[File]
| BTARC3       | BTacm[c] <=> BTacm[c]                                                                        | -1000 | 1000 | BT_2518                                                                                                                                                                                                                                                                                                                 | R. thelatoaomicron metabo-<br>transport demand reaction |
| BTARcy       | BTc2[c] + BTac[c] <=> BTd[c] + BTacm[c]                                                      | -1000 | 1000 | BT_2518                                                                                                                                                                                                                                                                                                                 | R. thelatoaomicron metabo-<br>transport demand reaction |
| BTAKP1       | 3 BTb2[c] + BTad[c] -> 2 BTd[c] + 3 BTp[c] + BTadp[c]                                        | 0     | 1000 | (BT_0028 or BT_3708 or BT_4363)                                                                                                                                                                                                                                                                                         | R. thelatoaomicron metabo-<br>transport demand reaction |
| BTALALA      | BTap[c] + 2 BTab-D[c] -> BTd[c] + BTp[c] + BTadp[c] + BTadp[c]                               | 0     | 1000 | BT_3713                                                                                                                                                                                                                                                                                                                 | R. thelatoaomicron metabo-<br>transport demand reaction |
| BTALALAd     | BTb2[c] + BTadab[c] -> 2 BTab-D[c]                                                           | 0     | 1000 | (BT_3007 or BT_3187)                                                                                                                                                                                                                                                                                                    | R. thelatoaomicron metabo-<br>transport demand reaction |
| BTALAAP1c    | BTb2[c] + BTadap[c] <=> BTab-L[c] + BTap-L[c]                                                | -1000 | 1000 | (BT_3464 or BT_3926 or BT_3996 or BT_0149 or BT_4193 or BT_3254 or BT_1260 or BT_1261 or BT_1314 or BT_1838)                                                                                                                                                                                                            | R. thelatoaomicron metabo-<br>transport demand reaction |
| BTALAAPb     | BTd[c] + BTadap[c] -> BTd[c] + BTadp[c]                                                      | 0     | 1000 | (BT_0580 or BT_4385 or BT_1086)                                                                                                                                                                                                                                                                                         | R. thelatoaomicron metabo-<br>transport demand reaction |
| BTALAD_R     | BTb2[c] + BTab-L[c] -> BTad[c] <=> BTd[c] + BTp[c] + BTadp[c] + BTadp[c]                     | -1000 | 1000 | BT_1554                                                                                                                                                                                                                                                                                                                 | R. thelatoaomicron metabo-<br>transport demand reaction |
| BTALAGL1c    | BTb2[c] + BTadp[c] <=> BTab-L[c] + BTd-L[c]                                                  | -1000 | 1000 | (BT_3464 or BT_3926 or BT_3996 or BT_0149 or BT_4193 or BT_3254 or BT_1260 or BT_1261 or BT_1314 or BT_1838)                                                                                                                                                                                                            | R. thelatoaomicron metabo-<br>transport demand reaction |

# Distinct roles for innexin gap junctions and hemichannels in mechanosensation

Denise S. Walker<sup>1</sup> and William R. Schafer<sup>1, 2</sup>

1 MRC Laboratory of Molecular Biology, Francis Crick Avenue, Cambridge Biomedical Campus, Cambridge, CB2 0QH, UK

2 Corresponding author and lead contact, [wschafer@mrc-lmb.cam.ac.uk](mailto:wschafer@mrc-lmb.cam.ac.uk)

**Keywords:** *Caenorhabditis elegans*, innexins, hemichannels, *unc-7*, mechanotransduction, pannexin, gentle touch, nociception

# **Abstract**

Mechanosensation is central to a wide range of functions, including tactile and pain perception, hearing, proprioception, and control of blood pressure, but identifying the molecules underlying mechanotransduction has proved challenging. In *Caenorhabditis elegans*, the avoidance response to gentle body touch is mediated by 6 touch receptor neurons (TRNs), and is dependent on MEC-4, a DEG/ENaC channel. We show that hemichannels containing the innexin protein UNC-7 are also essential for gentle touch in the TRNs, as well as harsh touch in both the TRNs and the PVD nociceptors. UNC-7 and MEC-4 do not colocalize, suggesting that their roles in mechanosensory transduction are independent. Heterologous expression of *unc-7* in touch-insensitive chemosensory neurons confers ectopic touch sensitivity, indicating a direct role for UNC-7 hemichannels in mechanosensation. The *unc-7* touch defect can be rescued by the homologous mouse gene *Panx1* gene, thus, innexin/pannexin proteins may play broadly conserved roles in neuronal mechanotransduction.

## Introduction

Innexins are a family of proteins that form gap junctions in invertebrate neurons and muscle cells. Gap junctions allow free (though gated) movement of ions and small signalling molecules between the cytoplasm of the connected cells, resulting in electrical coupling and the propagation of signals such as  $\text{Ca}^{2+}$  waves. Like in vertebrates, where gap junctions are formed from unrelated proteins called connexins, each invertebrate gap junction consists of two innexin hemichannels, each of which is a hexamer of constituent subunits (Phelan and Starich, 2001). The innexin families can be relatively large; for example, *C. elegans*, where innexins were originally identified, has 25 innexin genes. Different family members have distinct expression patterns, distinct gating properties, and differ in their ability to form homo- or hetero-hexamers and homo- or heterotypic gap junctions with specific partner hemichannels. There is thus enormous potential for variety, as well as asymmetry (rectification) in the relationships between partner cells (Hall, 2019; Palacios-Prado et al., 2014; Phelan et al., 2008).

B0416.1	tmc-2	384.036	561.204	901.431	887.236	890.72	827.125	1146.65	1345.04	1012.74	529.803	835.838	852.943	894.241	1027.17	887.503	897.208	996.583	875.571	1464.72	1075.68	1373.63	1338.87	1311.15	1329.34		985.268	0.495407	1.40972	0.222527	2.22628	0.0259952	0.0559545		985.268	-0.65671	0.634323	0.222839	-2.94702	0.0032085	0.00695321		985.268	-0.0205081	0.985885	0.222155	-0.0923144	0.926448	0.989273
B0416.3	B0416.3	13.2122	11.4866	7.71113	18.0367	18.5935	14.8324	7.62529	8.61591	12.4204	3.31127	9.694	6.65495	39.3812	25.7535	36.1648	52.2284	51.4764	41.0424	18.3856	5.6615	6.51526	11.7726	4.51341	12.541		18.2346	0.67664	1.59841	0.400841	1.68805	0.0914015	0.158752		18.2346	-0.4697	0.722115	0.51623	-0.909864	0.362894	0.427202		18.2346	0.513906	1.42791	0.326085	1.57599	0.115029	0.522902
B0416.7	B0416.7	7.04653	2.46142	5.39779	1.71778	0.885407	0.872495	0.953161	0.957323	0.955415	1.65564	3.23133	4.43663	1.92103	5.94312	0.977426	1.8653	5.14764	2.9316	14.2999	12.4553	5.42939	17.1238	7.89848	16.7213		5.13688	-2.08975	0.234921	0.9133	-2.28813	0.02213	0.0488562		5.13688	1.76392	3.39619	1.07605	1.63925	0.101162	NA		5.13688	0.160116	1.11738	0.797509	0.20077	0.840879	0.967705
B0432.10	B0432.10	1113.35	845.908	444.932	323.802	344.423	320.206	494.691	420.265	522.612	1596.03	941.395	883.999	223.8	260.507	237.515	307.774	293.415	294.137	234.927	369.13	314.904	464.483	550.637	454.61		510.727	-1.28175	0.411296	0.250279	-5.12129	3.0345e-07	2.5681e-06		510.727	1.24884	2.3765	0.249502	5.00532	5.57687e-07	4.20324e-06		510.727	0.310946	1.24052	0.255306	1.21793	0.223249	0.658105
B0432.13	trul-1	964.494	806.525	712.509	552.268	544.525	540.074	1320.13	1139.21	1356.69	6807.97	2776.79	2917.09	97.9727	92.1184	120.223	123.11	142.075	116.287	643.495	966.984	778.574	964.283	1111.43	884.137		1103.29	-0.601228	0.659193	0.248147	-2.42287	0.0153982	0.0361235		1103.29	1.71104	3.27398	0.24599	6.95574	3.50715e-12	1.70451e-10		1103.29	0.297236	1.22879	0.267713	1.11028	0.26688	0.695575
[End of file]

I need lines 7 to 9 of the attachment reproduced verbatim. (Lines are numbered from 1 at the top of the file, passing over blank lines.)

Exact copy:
| BTALAAPb     | BTd[c] + BTadap[c] -> BTd[c] + BTadp[c]                                                      | 0     | 1000 | (BT_0580 or BT_4385 or BT_1086)                                                                                                                                                                                                                                                                                         | R. thelatoaomicron metabo-<br>transport demand reaction |
| BTALAD_R     | BTb2[c] + BTab-L[c] -> BTad[c] <=> BTd[c] + BTp[c] + BTadp[c] + BTadp[c]                     | -1000 | 1000 | BT_1554                                                                                                                                                                                                                                                                                                                 | R. thelatoaomicron metabo-<br>transport demand reaction |
| BTALAGL1c    | BTb2[c] + BTadp[c] <=> BTab-L[c] + BTd-L[c]                                                  | -1000 | 1000 | (BT_3464 or BT_3926 or BT_3996 or BT_0149 or BT_4193 or BT_3254 or BT_1260 or BT_1261 or BT_1314 or BT_1838)                                                                                                                                                                                                            | R. thelatoaomicron metabo-<br>transport demand reaction |